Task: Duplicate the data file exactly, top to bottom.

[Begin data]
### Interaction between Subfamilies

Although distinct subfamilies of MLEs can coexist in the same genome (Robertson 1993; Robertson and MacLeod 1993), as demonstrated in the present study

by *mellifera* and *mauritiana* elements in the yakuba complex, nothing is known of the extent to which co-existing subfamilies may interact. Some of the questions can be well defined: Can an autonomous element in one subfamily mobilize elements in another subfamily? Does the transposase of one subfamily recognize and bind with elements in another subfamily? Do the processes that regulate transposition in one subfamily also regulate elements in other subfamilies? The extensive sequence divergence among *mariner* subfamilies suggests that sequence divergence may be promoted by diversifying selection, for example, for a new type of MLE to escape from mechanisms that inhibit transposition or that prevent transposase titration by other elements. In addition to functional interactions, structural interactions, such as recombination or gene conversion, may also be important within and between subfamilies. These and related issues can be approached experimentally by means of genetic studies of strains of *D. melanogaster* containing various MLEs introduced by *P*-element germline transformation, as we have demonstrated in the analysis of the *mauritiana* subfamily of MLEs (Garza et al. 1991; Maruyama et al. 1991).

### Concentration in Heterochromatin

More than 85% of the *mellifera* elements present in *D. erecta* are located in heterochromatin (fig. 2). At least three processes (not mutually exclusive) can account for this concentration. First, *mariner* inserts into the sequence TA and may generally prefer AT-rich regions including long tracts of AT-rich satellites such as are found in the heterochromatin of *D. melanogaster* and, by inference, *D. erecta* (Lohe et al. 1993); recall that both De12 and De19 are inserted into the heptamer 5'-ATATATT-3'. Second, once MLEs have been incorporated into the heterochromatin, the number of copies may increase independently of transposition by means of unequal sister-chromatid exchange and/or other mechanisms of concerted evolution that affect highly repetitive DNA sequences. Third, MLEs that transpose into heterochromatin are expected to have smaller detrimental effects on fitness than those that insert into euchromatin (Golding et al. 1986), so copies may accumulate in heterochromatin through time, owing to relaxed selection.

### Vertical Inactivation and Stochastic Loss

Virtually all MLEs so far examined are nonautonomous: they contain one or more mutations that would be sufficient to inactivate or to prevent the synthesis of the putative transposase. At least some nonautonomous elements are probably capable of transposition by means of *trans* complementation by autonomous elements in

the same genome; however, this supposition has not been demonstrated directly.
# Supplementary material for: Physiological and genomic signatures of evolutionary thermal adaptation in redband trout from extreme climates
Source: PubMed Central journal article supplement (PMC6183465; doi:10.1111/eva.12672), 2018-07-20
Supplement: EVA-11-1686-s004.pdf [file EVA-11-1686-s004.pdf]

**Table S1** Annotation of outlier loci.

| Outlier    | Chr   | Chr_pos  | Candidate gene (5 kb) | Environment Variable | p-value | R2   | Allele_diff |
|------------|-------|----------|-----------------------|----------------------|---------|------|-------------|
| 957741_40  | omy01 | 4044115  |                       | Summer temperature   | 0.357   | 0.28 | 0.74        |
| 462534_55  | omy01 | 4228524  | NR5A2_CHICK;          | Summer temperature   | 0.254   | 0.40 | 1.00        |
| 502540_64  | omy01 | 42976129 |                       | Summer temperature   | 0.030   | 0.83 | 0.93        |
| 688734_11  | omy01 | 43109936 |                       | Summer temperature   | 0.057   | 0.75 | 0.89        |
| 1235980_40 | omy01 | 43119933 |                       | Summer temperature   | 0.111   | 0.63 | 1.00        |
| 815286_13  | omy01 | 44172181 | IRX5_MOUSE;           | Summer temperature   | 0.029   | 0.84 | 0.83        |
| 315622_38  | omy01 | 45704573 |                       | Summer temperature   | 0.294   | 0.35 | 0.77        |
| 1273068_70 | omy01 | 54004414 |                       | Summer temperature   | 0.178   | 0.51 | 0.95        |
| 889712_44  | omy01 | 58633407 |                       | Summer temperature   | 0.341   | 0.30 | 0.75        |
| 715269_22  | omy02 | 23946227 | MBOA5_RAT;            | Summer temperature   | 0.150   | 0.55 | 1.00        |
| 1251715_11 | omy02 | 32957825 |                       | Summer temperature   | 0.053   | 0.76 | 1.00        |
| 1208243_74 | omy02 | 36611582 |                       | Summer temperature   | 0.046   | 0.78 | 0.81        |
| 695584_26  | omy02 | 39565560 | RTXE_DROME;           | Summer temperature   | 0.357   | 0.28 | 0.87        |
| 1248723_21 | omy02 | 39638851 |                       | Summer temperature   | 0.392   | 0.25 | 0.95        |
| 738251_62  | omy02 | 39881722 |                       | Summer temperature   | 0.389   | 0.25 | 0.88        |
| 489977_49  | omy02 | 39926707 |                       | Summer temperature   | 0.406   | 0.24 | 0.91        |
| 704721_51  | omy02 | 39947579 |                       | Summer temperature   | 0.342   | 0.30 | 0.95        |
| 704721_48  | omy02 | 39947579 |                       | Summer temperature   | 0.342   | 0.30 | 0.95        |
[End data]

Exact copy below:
### Interaction between Subfamilies

Although distinct subfamilies of MLEs can coexist in the same genome (Robertson 1993; Robertson and MacLeod 1993), as demonstrated in the present study

by *mellifera* and *mauritiana* elements in the yakuba complex, nothing is known of the extent to which co-existing subfamilies may interact. Some of the questions can be well defined: Can an autonomous element in one subfamily mobilize elements in another subfamily? Does the transposase of one subfamily recognize and bind with elements in another subfamily? Do the processes that regulate transposition in one subfamily also regulate elements in other subfamilies? The extensive sequence divergence among *mariner* subfamilies suggests that sequence divergence may be promoted by diversifying selection, for example, for a new type of MLE to escape from mechanisms that inhibit transposition or that prevent transposase titration by other elements. In addition to functional interactions, structural interactions, such as recombination or gene conversion, may also be important within and between subfamilies. These and related issues can be approached experimentally by means of genetic studies of strains of *D. melanogaster* containing various MLEs introduced by *P*-element germline transformation, as we have demonstrated in the analysis of the *mauritiana* subfamily of MLEs (Garza et al. 1991; Maruyama et al. 1991).

### Concentration in Heterochromatin

More than 85% of the *mellifera* elements present in *D. erecta* are located in heterochromatin (fig. 2). At least three processes (not mutually exclusive) can account for this concentration. First, *mariner* inserts into the sequence TA and may generally prefer AT-rich regions including long tracts of AT-rich satellites such as are found in the heterochromatin of *D. melanogaster* and, by inference, *D. erecta* (Lohe et al. 1993); recall that both De12 and De19 are inserted into the heptamer 5'-ATATATT-3'. Second, once MLEs have been incorporated into the heterochromatin, the number of copies may increase independently of transposition by means of unequal sister-chromatid exchange and/or other mechanisms of concerted evolution that affect highly repetitive DNA sequences. Third, MLEs that transpose into heterochromatin are expected to have smaller detrimental effects on fitness than those that insert into euchromatin (Golding et al. 1986), so copies may accumulate in heterochromatin through time, owing to relaxed selection.

### Vertical Inactivation and Stochastic Loss

Virtually all MLEs so far examined are nonautonomous: they contain one or more mutations that would be sufficient to inactivate or to prevent the synthesis of the putative transposase. At least some nonautonomous elements are probably capable of transposition by means of *trans* complementation by autonomous elements in

the same genome; however, this supposition has not been demonstrated directly.
# Supplementary material for: Physiological and genomic signatures of evolutionary thermal adaptation in redband trout from extreme climates
Source: PubMed Central journal article supplement (PMC6183465; doi:10.1111/eva.12672), 2018-07-20
Supplement: EVA-11-1686-s004.pdf [file EVA-11-1686-s004.pdf]

**Table S1** Annotation of outlier loci.

| Outlier    | Chr   | Chr_pos  | Candidate gene (5 kb) | Environment Variable | p-value | R2   | Allele_diff |
|------------|-------|----------|-----------------------|----------------------|---------|------|-------------|
| 957741_40  | omy01 | 4044115  |                       | Summer temperature   | 0.357   | 0.28 | 0.74        |
| 462534_55  | omy01 | 4228524  | NR5A2_CHICK;          | Summer temperature   | 0.254   | 0.40 | 1.00        |
| 502540_64  | omy01 | 42976129 |                       | Summer temperature   | 0.030   | 0.83 | 0.93        |
| 688734_11  | omy01 | 43109936 |                       | Summer temperature   | 0.057   | 0.75 | 0.89        |
| 1235980_40 | omy01 | 43119933 |                       | Summer temperature   | 0.111   | 0.63 | 1.00        |
| 815286_13  | omy01 | 44172181 | IRX5_MOUSE;           | Summer temperature   | 0.029   | 0.84 | 0.83        |
| 315622_38  | omy01 | 45704573 |                       | Summer temperature   | 0.294   | 0.35 | 0.77        |
| 1273068_70 | omy01 | 54004414 |                       | Summer temperature   | 0.178   | 0.51 | 0.95        |
| 889712_44  | omy01 | 58633407 |                       | Summer temperature   | 0.341   | 0.30 | 0.75        |
| 715269_22  | omy02 | 23946227 | MBOA5_RAT;            | Summer temperature   | 0.150   | 0.55 | 1.00        |
| 1251715_11 | omy02 | 32957825 |                       | Summer temperature   | 0.053   | 0.76 | 1.00        |
| 1208243_74 | omy02 | 36611582 |                       | Summer temperature   | 0.046   | 0.78 | 0.81        |
| 695584_26  | omy02 | 39565560 | RTXE_DROME;           | Summer temperature   | 0.357   | 0.28 | 0.87        |
| 1248723_21 | omy02 | 39638851 |                       | Summer temperature   | 0.392   | 0.25 | 0.95        |
| 738251_62  | omy02 | 39881722 |                       | Summer temperature   | 0.389   | 0.25 | 0.88        |
| 489977_49  | omy02 | 39926707 |                       | Summer temperature   | 0.406   | 0.24 | 0.91        |
| 704721_51  | omy02 | 39947579 |                       | Summer temperature   | 0.342   | 0.30 | 0.95        |
| 704721_48  | omy02 | 39947579 |                       | Summer temperature   | 0.342   | 0.30 | 0.95        |